Experts started an investigation yesterday into the cause of a cable-car accident the previous day in the mountainous Tirol region that killed members of a German ski group, including six children. The investigation was concentrating on the holding device of a transport helicopter that was carrying a 750kg slab of concrete to a lift station at the top of a mountain, Austria's ORF television reported. The device opened, sending the concrete slab crashing onto a gondola carrying German tourists from a height of 200m, sending the car falling at least 50m. The vibrations on the line caused a neighboring gondola to swing violently, throwing a total of six people of out the windows to their deaths.
Chernobyl not so serious
The nuclear disaster at Chernobyl almost 20 years ago has claimed fewer than 50 lives, according to a study by the International Atomic Energy Agency, the UN Development Program and the World Health Organization. But about 4,000 people could eventually die from exposure to radiation released when a reactor caught fire in the Ukrainian forest. "By and large ... we have not found profound negative health impacts to the rest of the population in surrounding areas, nor widespread contamination," Chernobyl Forum chairman Burton Bennett said.
WARNINGS OVER COMPLACENCY: The curves of new infections in numerous countries is climbing, while others see the the first new infections in months Spikes in COVID-19 infections in Asia have dispelled any notion that the region might be over the worst, with Australia and India yesterday reporting record daily infections, Vietnam fretting over a new surge and North Korea urging vigilance. Asian nations had largely prided themselves on rapidly containing initial outbreaks after the coronavirus emerged in central China late last year, but flare-ups this month have shown the danger of complacency. “We’ve got to be careful not to slip into some idea that there’s some golden immunity that Australia has in relation to this virus,” Australian Prime Minister Scott Morrison told reporters. Australia recorded its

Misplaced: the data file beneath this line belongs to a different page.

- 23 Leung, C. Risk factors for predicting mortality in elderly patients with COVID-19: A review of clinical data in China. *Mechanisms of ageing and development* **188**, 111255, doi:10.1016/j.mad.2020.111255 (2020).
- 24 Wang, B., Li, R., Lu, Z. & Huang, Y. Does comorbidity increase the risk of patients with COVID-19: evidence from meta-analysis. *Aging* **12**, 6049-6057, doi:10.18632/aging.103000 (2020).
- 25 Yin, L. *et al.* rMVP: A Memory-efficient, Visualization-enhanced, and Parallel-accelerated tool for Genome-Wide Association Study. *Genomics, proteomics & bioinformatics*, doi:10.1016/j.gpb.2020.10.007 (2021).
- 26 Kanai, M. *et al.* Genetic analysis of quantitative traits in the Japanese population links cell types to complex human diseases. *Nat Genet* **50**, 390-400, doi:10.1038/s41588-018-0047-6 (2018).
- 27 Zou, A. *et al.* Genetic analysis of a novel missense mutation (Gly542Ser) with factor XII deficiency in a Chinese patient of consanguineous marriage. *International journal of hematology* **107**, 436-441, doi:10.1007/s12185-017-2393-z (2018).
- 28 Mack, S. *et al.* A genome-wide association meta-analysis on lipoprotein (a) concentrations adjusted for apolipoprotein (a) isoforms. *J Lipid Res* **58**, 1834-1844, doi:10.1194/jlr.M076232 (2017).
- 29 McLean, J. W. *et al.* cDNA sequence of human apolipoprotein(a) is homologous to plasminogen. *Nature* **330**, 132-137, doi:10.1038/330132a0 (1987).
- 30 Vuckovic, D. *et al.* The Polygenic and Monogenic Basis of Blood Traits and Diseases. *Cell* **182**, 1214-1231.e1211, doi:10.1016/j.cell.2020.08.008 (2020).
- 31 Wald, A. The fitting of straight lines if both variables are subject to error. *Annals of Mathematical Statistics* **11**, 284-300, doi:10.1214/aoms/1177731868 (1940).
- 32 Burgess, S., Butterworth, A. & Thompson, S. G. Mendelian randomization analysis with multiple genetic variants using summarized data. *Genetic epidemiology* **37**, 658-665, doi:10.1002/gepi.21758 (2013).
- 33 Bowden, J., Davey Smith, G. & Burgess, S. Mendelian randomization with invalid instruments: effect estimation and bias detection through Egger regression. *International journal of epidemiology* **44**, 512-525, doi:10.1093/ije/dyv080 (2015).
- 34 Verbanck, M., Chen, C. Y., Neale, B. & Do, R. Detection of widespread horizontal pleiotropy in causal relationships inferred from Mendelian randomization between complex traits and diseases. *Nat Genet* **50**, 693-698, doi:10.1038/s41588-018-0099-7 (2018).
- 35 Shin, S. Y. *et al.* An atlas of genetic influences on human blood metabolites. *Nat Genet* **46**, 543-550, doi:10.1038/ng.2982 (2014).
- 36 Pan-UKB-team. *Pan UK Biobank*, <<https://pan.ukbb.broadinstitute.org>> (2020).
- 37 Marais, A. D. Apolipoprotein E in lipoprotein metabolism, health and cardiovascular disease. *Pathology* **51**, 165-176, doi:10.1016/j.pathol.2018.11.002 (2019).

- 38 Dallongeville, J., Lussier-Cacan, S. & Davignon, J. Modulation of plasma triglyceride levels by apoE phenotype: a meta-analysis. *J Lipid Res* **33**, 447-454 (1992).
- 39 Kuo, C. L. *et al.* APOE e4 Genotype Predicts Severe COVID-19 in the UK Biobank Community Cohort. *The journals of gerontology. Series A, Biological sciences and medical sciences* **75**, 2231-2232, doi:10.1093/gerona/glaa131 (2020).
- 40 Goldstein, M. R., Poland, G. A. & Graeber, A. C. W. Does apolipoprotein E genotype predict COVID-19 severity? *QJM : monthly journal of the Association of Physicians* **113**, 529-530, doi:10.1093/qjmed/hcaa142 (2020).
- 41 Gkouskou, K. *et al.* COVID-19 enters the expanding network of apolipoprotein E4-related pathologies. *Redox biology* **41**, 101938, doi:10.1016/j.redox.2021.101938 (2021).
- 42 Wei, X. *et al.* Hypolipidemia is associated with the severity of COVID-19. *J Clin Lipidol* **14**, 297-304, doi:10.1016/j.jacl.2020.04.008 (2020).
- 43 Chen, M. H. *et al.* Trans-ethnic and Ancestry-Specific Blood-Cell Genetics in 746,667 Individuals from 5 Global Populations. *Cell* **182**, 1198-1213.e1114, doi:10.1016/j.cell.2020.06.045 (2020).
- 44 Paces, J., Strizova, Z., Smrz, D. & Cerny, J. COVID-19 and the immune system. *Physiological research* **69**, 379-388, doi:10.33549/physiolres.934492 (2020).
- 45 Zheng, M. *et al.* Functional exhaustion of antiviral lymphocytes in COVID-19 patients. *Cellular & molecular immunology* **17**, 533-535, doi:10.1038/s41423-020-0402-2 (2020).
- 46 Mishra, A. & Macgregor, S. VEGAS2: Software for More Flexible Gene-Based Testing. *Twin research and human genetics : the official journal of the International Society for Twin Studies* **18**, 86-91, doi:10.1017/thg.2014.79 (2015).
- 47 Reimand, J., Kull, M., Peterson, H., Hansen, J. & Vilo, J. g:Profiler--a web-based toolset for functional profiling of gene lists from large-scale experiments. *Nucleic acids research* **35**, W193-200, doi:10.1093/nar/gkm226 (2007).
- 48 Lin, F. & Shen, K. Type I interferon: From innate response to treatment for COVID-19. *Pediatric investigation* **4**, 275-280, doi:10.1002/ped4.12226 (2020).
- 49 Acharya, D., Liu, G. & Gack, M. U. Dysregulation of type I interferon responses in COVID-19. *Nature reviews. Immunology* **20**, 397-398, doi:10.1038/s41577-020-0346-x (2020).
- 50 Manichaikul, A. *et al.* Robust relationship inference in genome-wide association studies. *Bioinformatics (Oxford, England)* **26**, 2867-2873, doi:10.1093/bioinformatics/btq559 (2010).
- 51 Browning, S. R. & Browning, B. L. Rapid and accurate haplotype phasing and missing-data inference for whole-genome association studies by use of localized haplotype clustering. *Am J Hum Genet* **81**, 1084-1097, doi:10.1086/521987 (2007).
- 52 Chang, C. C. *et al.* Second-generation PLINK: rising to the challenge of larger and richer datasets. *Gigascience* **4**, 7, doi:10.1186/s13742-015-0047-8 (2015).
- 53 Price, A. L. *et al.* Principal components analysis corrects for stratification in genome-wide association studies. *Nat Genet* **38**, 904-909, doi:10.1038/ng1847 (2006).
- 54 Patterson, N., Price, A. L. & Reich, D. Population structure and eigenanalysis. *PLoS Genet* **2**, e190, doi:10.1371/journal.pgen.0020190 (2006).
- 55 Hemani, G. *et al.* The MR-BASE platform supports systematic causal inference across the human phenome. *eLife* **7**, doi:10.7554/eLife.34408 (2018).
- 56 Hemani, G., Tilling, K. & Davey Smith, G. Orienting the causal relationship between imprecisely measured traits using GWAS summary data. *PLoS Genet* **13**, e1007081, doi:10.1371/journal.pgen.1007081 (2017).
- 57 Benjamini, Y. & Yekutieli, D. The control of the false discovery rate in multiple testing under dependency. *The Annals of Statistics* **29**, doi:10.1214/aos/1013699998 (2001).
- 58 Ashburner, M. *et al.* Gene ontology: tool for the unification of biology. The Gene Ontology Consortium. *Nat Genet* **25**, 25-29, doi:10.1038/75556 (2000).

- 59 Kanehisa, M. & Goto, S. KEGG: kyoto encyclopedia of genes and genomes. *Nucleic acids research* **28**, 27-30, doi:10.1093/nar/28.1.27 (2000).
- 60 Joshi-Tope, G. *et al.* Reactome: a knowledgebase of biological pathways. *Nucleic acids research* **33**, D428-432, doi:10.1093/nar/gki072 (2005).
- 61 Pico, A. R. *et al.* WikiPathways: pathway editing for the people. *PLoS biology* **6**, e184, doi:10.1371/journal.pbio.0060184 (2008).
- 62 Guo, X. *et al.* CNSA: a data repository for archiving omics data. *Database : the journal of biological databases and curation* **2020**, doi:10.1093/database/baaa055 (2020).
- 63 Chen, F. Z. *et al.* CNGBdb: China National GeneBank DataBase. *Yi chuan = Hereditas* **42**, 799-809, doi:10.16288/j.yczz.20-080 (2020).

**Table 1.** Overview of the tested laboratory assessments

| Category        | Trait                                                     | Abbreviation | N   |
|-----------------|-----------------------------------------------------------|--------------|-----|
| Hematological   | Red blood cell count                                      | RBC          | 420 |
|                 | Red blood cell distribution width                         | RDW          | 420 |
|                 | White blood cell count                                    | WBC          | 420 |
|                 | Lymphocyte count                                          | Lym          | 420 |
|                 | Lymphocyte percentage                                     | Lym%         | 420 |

EVOLVING SITUATION: Of the latest cases, 23 percent were found to be asymptomatic, but the coronavirus strain in Da Nang is more contagious, authorities said A COVID-19 outbreak that began in the Vietnamese city of Da Nang more than a week ago has spread to at least four city factories with a combined workforce of about 3,700, state media reported yesterday. Four cases were found at the plants in different industrial parks in the central city that collectively employ 77,000 people, the Lao Dong newspaper said. Vietnam, praised widely for its decisive measures to combat the novel coronavirus since it first appeared in late January, is battling new clusters of infection having gone for more than three months without detecting any domestic transmissions. Authorities yesterday reported one new
‘COVIDIOTS’: Politicians condemned the protest that came amid surging infections in the country, while a marcher said government-induced fear weakened the body Loudly chanting their opposition to masks and vaccines, thousands of people on Saturday gathered in Berlin to protest against COVID-19 restrictions before being dispersed by police. Police put turnout at about 20,000 — well below the 500,000 organizers had announced as they urged a “day of freedom” from months of virus curbs. Despite Germany’s comparatively low toll, authorities are concerned at a rise in infections over the past few weeks and politicians took to social media to criticize the rally as irresponsible. “We are the second wave,” shouted the crowd, a mixture of hard left and right and conspiracy theorists, as they converged
The Australian government yesterday said that it plans to give Google and Facebook three months to negotiate with media businesses fair pay for news content. In releasing a draft of a mandatory code of conduct, Canberra aims to succeed where other nations have failed in making tech firms pay for news siphoned from commercial media companies. Australian Treasurer Josh Frydenberg said that Google and Facebook would be the first platforms targeted by the proposed legislation, but others could follow. “It’s about a fair go for Australian news media businesses, it’s about ensuring that we have increased competition, increased consumer protection and a sustainable